At 48 feet long —just five feet shy of a standard semi trailer — and 22 feet wide, it’s the largest mobile dental clinic in the world.
And the Herman Ostrow School of Dentistry of USC celebrated the opening of the colossal clinic — the crown jewel in its mobile fleet — with a ribbon-cutting ceremony and walk-through tours in February at the Westminster Presbyterian Church in Pasadena.
“You know, standing here today, I can’t help but think how happy Charlie Goldstein would be to see how the program he started has flourished,” said Roseann Mulligan, DDS, MS, associate dean of community health programs and hospital affairs, referencing the late faculty member often called the “father of USC’s community dentistry.”
“Charlie often said the best thing you can do in life is to help others,” she said. “I hope to impart that wisdom to every one of my students, year after year, so that one day no one will have to suffer through dental pain simply because they cannot afford to see a dentist.”
More than 85 USC dental students attended the event, which commemorated the clinic’s opening at its first stop, where Ostrow faculty, staff and students provided dental treatment to 120 disadvantaged children.
“It is our hope that these community experiences engender in our students a lasting commitment to give back to the community,” said Avishai Sadan, DMD, dean of the dental school.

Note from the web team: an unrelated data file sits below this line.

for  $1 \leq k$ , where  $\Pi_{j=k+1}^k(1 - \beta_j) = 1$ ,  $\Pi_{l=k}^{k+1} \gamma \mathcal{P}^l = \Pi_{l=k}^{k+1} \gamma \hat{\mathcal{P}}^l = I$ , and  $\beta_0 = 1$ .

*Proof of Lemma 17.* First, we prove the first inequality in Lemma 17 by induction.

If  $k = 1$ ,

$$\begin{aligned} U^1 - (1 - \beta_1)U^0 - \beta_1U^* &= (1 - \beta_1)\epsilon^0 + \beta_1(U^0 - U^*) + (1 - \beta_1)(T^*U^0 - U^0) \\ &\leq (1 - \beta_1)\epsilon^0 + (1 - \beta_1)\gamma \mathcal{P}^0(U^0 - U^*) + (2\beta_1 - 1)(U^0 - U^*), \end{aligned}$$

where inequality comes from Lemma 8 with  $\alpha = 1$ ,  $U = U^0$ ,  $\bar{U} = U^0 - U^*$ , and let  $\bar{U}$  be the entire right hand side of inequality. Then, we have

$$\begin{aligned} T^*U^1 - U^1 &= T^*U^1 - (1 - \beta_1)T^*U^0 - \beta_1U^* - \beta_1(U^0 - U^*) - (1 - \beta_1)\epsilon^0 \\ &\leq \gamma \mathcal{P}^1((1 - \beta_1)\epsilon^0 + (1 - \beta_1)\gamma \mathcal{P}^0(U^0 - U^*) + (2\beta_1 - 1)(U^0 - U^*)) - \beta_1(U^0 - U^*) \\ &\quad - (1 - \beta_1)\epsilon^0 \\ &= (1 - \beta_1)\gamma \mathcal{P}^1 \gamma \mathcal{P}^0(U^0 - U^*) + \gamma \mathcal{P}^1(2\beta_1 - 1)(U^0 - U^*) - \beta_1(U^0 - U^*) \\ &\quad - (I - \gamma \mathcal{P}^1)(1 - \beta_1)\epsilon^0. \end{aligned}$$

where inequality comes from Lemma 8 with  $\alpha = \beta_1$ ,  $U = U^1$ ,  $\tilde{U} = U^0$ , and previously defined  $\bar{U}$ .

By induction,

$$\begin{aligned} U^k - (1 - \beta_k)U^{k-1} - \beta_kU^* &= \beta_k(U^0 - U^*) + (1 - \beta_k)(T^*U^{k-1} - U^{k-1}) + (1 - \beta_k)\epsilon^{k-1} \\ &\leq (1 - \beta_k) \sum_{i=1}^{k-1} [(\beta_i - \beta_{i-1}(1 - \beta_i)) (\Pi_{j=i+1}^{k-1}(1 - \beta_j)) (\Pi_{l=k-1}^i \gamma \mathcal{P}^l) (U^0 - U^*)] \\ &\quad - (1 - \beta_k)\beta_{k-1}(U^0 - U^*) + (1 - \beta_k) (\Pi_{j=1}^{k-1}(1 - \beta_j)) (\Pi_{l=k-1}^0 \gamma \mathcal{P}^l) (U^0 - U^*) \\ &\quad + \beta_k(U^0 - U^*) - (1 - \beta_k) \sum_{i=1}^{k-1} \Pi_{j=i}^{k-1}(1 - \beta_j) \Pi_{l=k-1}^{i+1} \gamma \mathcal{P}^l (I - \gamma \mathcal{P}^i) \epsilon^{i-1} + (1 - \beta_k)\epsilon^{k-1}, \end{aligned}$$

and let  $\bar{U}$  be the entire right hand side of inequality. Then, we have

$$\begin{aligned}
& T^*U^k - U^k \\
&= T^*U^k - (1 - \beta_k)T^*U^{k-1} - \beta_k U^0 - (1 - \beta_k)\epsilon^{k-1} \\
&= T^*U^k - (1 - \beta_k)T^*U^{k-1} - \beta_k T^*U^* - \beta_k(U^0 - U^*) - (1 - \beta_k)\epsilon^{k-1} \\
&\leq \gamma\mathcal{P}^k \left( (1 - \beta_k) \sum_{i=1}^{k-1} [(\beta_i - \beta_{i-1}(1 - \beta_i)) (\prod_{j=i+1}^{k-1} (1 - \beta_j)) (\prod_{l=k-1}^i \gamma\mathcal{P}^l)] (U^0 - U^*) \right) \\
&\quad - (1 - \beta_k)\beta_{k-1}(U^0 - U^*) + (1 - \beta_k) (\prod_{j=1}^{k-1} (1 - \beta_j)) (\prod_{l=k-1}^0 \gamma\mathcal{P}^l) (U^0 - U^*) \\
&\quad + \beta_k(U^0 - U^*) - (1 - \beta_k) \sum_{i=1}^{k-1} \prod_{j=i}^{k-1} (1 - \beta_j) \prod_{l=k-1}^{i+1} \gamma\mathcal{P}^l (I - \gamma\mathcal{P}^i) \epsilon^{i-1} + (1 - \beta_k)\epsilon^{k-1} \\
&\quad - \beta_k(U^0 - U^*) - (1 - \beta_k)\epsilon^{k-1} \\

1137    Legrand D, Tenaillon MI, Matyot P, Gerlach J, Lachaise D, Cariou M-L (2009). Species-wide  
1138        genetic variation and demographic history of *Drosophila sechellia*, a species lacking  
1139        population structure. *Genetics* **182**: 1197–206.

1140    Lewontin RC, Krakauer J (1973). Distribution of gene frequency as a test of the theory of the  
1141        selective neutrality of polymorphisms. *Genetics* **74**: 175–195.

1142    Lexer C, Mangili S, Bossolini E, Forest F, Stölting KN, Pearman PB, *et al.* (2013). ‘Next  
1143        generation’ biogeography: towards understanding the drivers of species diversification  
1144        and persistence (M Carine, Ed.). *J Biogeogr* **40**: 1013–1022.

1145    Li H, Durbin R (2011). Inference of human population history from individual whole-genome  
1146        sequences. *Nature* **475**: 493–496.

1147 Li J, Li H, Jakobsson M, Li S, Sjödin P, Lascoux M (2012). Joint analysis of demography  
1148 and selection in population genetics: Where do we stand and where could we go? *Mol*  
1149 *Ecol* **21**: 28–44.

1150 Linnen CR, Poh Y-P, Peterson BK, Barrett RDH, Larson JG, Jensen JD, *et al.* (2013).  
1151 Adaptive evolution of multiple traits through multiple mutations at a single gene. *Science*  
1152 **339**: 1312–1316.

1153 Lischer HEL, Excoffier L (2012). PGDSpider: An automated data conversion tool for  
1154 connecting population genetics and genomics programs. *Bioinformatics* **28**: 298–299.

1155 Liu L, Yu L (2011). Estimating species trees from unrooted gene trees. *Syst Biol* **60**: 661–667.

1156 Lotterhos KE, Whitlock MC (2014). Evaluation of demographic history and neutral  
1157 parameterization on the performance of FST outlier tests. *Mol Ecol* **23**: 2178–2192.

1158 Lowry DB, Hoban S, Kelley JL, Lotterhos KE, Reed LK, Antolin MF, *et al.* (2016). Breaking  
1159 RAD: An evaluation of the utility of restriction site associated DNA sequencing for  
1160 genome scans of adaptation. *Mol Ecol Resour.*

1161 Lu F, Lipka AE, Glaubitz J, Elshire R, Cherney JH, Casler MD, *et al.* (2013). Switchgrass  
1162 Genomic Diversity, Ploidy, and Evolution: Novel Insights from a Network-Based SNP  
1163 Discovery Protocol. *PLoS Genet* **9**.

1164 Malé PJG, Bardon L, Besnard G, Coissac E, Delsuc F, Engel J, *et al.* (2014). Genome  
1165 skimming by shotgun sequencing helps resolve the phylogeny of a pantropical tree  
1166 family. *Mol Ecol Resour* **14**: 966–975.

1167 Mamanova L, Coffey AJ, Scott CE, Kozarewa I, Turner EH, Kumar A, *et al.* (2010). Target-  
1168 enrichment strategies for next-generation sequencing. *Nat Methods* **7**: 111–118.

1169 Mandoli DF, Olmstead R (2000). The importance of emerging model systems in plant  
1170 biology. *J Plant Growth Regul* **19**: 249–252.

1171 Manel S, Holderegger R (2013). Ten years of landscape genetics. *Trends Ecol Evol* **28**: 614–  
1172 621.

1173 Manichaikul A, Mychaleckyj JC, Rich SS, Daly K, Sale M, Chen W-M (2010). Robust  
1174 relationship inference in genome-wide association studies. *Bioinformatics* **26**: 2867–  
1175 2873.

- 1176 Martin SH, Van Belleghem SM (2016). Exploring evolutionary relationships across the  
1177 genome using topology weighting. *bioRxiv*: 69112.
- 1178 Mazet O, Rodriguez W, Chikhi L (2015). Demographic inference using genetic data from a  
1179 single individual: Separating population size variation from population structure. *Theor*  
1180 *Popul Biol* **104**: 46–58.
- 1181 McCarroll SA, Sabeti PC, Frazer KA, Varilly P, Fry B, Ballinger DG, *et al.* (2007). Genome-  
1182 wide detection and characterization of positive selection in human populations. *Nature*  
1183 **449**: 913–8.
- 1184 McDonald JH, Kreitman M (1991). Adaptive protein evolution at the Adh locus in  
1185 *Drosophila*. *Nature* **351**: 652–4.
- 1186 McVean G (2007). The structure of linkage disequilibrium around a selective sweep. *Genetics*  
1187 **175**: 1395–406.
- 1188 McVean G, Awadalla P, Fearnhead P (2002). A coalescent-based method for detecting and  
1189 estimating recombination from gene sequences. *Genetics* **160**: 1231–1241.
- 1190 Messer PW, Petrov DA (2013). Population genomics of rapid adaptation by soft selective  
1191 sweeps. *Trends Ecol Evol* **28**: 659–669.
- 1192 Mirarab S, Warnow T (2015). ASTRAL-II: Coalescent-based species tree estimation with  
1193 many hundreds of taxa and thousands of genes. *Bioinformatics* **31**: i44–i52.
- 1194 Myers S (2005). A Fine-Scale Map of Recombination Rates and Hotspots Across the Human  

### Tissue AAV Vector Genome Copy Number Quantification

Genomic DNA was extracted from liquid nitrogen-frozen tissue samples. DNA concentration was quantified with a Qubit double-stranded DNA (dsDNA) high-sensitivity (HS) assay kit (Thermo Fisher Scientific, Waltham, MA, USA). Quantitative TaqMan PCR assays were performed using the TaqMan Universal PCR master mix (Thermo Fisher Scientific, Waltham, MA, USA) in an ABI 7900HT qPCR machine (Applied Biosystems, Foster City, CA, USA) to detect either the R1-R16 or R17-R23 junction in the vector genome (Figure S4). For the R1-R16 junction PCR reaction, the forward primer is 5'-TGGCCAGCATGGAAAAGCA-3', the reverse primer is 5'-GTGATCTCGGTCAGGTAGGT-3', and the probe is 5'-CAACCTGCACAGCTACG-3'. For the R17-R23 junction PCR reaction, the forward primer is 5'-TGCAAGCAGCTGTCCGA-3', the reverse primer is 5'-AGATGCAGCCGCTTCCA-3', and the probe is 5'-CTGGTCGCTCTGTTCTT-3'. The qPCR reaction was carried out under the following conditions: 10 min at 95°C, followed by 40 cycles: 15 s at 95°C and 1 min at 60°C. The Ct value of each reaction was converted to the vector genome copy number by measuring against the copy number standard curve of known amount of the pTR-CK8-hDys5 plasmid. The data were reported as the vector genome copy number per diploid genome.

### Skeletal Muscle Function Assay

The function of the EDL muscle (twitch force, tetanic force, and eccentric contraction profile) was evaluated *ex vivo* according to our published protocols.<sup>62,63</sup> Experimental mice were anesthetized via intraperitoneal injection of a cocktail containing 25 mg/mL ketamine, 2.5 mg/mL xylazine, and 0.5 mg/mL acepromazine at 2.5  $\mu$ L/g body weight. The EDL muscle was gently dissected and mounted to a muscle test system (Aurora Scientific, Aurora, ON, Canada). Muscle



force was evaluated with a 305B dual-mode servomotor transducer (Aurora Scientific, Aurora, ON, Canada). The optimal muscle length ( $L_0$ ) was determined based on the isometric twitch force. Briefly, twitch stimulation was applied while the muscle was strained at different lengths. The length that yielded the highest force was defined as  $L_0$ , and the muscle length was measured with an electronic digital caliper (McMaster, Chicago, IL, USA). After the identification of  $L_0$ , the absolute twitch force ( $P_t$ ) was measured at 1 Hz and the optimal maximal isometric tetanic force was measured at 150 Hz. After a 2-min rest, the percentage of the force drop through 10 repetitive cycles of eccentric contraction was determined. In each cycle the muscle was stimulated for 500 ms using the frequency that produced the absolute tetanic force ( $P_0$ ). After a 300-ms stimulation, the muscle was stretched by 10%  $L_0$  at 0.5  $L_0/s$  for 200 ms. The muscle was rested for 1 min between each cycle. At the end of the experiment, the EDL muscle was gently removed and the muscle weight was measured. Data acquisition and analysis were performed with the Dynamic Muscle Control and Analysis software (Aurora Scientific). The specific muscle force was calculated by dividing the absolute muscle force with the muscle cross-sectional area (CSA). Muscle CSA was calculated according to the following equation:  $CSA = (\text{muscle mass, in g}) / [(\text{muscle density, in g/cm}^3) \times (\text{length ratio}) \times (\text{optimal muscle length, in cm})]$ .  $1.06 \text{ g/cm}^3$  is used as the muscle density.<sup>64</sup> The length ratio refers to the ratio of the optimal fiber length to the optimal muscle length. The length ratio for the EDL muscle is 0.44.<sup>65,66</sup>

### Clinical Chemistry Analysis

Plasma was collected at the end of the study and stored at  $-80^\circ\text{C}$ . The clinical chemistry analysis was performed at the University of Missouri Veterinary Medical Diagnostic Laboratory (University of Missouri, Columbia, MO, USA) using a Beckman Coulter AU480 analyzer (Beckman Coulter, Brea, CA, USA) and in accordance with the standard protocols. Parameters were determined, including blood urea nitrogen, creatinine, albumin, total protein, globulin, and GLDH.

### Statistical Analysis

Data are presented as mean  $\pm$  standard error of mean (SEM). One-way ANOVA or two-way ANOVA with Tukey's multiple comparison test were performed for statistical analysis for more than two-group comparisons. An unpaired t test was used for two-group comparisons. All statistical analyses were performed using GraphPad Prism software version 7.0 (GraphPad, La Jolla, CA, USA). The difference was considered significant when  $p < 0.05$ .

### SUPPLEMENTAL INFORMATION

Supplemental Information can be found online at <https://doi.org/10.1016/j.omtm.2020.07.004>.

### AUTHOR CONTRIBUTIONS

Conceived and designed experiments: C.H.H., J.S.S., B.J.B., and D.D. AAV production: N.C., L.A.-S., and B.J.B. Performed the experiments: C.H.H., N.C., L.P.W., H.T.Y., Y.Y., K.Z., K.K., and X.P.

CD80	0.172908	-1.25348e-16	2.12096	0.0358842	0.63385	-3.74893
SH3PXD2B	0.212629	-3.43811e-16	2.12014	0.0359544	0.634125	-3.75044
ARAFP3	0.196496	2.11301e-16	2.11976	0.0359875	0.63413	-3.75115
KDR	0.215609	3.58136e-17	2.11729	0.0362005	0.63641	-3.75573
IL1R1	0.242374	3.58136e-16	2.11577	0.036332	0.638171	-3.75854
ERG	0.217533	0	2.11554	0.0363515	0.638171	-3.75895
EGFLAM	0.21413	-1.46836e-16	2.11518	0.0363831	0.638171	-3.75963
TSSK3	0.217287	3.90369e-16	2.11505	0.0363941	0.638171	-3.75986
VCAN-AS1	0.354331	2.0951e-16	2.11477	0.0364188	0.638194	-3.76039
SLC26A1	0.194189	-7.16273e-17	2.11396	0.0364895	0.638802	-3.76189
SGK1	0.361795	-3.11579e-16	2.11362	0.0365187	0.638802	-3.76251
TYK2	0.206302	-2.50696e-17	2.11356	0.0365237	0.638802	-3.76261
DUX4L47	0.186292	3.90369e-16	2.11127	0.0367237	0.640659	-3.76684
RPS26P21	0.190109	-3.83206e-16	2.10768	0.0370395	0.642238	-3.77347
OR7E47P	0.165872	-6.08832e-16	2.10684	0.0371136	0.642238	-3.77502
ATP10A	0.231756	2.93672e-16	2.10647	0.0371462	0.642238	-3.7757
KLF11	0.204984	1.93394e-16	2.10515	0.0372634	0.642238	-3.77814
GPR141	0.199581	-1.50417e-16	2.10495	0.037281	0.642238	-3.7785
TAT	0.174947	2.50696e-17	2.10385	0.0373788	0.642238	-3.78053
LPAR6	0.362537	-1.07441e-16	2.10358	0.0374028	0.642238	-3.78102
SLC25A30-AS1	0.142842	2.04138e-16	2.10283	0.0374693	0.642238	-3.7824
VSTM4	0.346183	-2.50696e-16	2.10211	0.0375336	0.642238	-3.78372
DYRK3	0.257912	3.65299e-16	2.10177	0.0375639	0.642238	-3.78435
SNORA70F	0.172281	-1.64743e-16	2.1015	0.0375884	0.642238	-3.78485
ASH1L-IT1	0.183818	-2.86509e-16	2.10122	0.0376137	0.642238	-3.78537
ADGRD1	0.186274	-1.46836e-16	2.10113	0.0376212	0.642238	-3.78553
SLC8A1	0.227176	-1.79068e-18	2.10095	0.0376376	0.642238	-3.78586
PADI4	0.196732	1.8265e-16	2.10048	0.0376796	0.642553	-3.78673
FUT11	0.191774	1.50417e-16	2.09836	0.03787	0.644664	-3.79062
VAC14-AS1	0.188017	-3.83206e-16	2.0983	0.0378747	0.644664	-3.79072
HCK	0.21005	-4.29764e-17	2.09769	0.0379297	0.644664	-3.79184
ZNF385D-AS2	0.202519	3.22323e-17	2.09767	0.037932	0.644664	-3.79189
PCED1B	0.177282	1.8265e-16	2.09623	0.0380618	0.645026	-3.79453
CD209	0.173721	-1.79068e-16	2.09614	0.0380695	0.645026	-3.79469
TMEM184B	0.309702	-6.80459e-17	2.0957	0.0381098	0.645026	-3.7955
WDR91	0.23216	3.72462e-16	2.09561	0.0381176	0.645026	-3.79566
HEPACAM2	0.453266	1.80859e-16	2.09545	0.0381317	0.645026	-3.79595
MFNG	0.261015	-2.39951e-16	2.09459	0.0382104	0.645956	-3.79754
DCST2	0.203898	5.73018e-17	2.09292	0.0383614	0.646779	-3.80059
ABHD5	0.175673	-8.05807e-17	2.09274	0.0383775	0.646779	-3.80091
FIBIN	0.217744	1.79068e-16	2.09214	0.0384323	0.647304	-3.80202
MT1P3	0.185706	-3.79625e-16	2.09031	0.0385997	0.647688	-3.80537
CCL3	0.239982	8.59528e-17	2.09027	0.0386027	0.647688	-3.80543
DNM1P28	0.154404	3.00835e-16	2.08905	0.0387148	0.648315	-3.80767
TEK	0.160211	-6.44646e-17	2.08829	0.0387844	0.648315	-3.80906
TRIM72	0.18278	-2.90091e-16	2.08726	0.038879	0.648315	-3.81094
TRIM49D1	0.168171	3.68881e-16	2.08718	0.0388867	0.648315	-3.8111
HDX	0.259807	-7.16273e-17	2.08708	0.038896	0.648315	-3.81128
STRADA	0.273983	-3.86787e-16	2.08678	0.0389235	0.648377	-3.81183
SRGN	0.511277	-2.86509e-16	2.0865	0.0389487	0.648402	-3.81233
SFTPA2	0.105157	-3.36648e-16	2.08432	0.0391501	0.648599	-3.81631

Other speakers included Marilyn Flynn, PhD, MSW, dean of the USC School of Social Work, and Catherine Hutto, who represented the Hutto-Patterson Charitable Foundation, the donating organization who made the colossal clinic possible with a $3 million gift.
“Today, my dream has come to fruition,” Hutto explained, “to combine social work and dentistry and share my family’s good fortune.” Hutto is a social worker; her grandfather was a dentist.
Hutto’s gift not only helped build the custom-made clinic and provide faculty endowments and student scholarships to community-minded individuals in both dentistry and social work, it also sets up a collaboration between the two schools to better provide health care and outreach services to disadvantaged children and their families.
After the ceremony, visitors toured the state-of-the-art clinic, which includes eight dental chairs, a separate X-ray room and a patient-calming system known as Synesthesia, in which soft music and vibrant imagery are used to soothe any frazzled dental nerves.
The mobile clinic is the eighth in Ostrow’s fleet. Outside of the military, Ostrow has the largest mobile dental clinic fleet in the nation.
USC’s mobile dentistry program began in the late 1960s when dental faculty, staff and students would drive out to remote areas in their own cars — packed full of dental tools and supplies — to provide care to migrant farm workers.
Each year, the Community Oral Health Programs provide more than $1 million in free dental care to underserved communities from Central California to the Mexican border.
— John Hobbs